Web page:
However, there is a problem: when we receive an IN_MOVED_FROM event, we do not yet know if there will be a following IN_MOVED_TO event. In other words, we do not yet know whether to treat this as a deletion event or as a "true rename" event. And it gets worse. If there are multiple processes generating events in the monitored trees, then there is no guarantee that, for a true rename event, the IN_MOVED_FROM and IN_MOVED_TO events will be returned as consecutive items in the buffer of events returned when reading from the inotify file descriptor; other events may be returned between the pair. The upshot is that when we encounter an IN_MOVED_FROM event, we need to do some measure of forward searching to see if there is a corresponding IN_MOVED_TO event.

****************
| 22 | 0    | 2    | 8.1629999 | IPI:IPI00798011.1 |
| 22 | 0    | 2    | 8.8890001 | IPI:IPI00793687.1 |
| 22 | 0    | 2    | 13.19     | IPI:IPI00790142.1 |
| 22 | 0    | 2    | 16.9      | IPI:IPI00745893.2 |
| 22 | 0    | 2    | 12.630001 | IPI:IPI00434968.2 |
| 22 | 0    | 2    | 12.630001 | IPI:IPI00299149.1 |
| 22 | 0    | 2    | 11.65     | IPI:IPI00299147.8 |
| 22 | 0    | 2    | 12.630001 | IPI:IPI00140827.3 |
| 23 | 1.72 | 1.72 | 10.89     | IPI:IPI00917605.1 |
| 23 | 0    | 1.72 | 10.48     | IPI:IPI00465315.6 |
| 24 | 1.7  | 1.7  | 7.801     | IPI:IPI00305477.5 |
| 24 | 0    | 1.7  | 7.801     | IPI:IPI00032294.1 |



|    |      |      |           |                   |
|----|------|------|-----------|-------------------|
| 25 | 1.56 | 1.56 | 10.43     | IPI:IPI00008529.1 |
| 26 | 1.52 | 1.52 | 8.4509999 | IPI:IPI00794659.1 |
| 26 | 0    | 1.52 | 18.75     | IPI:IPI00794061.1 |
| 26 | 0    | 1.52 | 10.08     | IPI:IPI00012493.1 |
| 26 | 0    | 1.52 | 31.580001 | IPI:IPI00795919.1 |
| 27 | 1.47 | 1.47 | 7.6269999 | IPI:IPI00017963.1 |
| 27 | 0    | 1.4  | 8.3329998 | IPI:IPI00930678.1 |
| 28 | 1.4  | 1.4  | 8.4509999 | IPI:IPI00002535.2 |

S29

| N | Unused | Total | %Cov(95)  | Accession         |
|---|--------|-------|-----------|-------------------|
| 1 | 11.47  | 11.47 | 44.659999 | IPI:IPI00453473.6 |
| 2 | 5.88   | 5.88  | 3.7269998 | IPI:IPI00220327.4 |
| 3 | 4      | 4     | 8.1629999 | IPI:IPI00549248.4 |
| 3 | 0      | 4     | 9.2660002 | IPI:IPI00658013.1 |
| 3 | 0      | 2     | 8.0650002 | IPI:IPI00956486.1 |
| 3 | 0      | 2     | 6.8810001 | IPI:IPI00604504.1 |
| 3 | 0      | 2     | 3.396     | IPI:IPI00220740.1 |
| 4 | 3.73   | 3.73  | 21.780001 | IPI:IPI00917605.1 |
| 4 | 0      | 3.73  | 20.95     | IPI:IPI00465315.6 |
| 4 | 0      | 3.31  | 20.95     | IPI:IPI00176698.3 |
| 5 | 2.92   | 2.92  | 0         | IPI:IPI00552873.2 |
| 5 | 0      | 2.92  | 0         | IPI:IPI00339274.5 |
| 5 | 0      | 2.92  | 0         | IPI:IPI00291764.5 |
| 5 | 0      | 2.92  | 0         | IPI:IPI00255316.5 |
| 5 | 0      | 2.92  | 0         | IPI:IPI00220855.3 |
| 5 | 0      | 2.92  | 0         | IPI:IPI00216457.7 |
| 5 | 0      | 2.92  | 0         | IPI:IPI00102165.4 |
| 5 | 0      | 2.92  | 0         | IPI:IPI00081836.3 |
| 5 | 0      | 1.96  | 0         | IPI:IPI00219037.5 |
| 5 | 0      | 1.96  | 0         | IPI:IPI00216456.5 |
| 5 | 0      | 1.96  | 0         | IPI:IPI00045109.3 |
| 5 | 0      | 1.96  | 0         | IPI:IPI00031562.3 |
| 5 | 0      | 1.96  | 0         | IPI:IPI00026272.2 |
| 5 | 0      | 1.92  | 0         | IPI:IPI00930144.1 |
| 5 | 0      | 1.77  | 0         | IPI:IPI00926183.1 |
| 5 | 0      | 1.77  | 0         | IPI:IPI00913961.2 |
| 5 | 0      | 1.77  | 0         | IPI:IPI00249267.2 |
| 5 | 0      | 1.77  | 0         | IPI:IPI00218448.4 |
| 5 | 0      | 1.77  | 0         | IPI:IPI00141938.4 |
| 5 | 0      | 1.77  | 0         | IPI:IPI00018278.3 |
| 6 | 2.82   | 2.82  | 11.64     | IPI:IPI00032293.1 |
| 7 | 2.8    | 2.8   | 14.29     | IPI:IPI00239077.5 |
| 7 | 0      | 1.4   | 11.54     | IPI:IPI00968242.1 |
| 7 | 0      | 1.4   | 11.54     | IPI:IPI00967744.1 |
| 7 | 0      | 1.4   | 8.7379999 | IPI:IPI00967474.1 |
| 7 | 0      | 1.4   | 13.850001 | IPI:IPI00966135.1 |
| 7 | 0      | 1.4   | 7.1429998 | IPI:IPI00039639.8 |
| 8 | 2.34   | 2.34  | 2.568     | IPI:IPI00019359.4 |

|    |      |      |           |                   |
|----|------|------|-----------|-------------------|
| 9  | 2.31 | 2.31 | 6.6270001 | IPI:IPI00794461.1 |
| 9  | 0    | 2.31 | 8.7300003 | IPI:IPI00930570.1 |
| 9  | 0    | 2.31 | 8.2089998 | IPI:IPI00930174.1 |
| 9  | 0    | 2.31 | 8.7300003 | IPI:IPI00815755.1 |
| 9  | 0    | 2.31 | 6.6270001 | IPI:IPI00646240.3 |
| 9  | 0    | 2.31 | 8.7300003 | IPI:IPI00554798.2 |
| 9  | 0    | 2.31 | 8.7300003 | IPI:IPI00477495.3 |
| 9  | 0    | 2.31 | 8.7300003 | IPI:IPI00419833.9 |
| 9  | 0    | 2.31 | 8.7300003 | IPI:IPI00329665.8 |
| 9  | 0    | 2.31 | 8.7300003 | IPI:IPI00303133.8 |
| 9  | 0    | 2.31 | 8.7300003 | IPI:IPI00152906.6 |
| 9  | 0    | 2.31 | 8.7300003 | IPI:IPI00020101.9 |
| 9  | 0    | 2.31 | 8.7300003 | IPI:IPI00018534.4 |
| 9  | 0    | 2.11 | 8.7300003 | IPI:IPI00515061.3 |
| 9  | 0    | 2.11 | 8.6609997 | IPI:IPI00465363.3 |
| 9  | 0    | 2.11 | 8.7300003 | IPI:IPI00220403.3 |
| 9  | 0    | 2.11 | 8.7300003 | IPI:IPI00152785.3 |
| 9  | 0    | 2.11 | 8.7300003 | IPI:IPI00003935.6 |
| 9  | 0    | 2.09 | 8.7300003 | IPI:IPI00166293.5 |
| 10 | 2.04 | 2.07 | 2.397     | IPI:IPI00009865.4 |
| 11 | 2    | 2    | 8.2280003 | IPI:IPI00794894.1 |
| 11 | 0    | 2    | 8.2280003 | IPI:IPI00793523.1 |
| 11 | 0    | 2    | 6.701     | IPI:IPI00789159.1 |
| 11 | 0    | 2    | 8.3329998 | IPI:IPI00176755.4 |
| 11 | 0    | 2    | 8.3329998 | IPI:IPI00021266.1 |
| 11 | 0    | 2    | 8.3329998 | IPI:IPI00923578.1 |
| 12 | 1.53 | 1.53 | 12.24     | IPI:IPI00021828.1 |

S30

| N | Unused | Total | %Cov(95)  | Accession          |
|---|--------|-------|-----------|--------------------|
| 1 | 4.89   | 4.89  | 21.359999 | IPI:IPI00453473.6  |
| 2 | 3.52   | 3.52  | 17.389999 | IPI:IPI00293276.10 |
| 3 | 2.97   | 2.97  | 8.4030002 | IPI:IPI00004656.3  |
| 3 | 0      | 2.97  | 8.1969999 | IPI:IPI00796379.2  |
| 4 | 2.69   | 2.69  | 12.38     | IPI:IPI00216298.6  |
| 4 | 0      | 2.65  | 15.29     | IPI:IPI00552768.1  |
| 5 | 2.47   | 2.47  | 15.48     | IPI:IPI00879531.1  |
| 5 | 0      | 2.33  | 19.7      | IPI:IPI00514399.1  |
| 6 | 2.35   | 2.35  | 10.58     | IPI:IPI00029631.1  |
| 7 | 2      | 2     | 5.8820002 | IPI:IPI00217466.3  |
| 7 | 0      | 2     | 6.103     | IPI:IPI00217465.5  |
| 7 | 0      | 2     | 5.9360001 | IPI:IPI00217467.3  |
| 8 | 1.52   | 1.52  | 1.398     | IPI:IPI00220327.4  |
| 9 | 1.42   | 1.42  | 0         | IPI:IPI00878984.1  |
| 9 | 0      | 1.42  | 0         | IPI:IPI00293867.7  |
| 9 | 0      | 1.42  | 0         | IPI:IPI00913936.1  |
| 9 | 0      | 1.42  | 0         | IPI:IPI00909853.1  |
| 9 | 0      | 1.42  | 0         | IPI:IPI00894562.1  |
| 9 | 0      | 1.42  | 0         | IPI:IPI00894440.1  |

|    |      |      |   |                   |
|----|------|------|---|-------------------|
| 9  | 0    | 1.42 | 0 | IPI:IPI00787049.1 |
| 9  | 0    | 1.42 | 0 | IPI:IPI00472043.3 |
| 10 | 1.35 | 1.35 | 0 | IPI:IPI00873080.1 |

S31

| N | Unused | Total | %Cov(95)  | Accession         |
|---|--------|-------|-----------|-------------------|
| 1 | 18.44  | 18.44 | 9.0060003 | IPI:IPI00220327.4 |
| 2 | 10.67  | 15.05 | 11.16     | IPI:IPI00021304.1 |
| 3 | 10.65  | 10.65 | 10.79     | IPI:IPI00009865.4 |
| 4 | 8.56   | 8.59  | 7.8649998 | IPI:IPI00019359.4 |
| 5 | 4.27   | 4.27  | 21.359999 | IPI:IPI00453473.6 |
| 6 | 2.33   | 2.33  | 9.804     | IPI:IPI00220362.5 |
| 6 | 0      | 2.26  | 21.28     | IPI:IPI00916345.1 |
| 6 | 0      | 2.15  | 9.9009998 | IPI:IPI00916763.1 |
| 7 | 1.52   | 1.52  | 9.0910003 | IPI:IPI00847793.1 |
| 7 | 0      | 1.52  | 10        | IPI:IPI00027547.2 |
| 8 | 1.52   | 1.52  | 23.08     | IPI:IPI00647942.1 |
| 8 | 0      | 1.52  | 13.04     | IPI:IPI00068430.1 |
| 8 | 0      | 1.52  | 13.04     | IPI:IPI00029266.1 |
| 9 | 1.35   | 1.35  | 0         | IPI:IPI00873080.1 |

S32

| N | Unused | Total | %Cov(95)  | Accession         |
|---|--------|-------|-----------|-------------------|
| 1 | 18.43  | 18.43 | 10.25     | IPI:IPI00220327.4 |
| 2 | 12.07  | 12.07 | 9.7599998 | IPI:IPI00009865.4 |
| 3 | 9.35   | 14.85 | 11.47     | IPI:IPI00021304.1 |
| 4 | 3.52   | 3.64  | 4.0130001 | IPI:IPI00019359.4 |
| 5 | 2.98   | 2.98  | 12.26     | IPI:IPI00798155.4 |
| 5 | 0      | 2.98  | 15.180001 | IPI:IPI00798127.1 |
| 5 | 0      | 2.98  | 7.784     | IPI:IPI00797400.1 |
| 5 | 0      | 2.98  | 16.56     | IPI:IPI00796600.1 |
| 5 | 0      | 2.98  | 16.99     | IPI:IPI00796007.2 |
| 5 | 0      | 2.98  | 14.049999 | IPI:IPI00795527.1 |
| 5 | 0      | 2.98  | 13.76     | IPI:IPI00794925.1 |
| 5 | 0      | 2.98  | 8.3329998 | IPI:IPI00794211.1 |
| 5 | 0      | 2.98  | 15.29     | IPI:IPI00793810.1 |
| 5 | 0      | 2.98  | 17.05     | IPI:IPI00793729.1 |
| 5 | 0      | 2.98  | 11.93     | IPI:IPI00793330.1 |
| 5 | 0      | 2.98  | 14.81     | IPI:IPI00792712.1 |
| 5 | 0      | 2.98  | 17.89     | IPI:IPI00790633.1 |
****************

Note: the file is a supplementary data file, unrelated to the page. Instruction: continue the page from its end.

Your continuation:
At this point, one might ask: rather than going to the effort of detecting whether there is an event pair, why not simply always treat IN_MOVED_FROM as a deletion event and IN_MOVED_TO as a creation event? This approach simplifies the programming in some respects, but it has some costs. If this is a true rename event, then we will waste effort in deleting items from our cache and destroying watch descriptors only to immediately repopulate the cache with the same filesystem objects and re-create a new set of watch descriptors. If the subtree that is being renamed is large, this may be rather expensive. Furthermore, when the watches are re-created they will use different watch descriptors. This means that there may be a series of events ahead in the inotify queue that contain watch descriptors that no longer exist. The simplest thing to do with these events is to discard them.